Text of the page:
Naomi Oreskes is a history of science professor at UC San Diego.

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The desperation of MCAG

Submitted: Jul 25, 2006

Last week the Merced County Association of Governments decided to put Measure A, the transportation sales tax defeated in June, back on the ballot in November, despite a poll that indicated it might not do any better then than it did either in June or in 2002. The MCAG, composed of all five supervisors and one elected official for each of the six incorporated cities in the county, in their judgment overrode the poll results, declaring that the November election will draw more voters than the primary did. The Merced Sun-Star opined without attribution that:

Only 24 percent of registered voters in the county -- about 22,500 people -- showed up to the polls, partly because of lackluster statewide issues and little competition among county races.

A much more attractive November ballot that includes billion-dollar infrastructure bonds and a governor's race is sure to draw more voters.

Evidently this is the received political wisdom on the upcoming General Election.

Might one suggest an alternative analysis?

Billion-dollar infrastructure bonds might get a few Mercedians out to vote against them, which does not on the surface, seem to favor a local half-cent sales tax increase.

The governor's race, featuring the Hun against the Developer's Democrat, Angelo's Boy in the Capitol, is shaping up to be a real ho-hummer of a race.

Locally, Rep. Dennis Cardoza, Shrimp Slayer-Merced, is running unopposed. Kathleen Galgiani, chief of staff of retiring state Assemblywoman, Barbara Matthews, D-Tracy, appears to have wired her succession to her boss's seat several years ago. The state Senate race, between incumbent Jeff Denham, Knucklehead-Salinas, and Wiley Nickel, Water Plutocrat-Merced, seems to turn on the fascinating political question of who can accurately define an exchange contract.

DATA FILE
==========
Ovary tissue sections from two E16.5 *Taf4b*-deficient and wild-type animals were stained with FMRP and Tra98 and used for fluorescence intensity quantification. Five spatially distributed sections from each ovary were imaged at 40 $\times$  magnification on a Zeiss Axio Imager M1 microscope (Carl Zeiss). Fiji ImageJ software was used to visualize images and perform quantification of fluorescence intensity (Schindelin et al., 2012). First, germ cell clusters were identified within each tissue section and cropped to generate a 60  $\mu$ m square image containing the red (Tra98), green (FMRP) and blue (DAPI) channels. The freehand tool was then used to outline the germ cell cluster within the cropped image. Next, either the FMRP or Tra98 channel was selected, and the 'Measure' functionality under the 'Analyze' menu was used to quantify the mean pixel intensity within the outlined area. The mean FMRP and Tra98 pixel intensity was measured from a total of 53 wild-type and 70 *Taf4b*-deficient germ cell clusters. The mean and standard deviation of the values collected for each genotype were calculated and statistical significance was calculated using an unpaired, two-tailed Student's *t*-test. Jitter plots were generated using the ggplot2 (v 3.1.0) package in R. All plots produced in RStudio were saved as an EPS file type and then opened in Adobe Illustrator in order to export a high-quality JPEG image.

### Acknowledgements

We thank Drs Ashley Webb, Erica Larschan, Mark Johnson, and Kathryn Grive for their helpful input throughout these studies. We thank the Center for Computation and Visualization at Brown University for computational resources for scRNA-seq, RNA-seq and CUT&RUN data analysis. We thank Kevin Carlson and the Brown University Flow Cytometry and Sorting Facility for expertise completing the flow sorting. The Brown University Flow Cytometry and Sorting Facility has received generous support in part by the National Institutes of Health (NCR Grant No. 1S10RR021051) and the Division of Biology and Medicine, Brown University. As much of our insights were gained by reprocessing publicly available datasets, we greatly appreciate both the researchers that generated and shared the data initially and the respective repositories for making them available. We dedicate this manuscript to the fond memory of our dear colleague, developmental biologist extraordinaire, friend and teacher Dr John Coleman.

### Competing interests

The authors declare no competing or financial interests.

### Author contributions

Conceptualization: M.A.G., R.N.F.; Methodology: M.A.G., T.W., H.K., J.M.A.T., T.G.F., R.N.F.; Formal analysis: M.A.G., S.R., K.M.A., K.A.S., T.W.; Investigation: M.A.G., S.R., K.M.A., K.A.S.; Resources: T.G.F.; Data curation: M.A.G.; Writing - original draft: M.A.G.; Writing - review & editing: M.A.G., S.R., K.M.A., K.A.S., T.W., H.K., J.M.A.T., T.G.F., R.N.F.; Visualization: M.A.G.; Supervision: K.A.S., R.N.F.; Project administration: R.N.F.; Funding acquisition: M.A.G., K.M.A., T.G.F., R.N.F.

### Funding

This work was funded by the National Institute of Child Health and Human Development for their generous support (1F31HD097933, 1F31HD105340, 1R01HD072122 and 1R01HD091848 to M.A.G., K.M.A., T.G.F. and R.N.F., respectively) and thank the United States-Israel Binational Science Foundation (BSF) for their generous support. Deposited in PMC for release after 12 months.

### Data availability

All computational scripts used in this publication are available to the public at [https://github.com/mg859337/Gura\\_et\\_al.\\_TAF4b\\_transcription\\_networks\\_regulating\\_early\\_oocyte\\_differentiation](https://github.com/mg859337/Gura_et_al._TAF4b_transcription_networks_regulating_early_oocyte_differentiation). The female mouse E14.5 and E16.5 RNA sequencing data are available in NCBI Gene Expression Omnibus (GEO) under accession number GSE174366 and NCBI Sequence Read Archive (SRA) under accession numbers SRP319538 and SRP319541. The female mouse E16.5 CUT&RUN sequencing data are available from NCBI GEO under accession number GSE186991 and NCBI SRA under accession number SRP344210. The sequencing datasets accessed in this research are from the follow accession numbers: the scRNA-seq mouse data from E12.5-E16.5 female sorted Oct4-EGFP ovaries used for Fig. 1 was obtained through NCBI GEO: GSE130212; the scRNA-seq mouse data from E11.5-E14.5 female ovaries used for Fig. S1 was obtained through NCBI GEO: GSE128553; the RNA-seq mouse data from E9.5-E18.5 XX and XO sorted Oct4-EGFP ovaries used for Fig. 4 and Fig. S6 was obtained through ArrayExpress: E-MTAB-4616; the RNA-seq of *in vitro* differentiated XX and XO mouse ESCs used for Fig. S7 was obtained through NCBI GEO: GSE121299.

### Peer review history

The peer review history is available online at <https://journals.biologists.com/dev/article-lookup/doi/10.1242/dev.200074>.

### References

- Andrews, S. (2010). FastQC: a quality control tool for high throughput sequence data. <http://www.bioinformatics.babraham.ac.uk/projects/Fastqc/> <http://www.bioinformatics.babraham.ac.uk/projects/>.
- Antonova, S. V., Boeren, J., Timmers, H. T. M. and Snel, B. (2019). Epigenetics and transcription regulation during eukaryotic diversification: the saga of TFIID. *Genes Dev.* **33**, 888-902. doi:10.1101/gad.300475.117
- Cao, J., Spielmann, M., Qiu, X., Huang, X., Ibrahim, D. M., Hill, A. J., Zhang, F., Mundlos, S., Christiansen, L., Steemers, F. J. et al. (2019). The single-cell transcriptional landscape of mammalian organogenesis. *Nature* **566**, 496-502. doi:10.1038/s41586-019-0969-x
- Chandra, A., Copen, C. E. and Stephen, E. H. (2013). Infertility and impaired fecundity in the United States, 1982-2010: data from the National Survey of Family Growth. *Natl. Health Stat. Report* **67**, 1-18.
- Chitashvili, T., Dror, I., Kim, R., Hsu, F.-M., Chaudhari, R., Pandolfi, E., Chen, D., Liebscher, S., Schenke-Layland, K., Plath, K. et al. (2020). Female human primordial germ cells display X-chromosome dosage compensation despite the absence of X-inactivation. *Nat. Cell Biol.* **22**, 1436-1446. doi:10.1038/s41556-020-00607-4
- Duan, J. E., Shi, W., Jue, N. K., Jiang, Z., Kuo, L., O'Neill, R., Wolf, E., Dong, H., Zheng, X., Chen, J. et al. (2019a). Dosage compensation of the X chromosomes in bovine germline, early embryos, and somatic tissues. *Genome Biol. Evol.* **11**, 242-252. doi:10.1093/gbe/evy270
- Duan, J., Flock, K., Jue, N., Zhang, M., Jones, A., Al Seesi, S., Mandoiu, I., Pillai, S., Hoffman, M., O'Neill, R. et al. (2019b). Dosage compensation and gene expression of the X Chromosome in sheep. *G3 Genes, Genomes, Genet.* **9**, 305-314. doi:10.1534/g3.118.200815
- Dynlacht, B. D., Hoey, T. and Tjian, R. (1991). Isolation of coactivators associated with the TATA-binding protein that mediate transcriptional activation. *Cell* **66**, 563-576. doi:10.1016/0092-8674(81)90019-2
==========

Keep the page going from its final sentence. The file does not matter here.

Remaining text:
One can see long lines in front of polling places, stretching into the frosty night this November. The campaigns are so intense we cannot even see paid voter registrars chasing old ladies to their cars, begging for their signatures, whether they are registered to vote or not. Perhaps they are moving too fast for the human eye.

What could be called strength of leadership, if only by scribes paid to write it, from a charitable point of view could be called stubbornness. In fact, it is suspected resubmitting this measure to the voters in November is an act of sheer political desperation, and perhaps an unintended referendum on how much voters like leaders in the pockets of developers, UC, WalMart and the Riverside Motorsports Park -- the only real beneficiaries of this measure.

MCAG has a huge reputation problem on its hands, stemming from our newly acquired exalted political position after having won the Valley-wide sweepstakes for the San Joaquin Valley UC campus.

In the squalid fashion of UC flak, top bobcatflakster Larry Salinas told the Merced City Council last week that UC Merced was the only UC campus in the Central Valley. And here we thought there was a highway, I-80, that passed along the border between the San Joaquin and Sacramento valleys, not far from the Sacramento-San Joaquin Delta, through a college town called Davis, said to have been the site of a UC campus for nearly a century.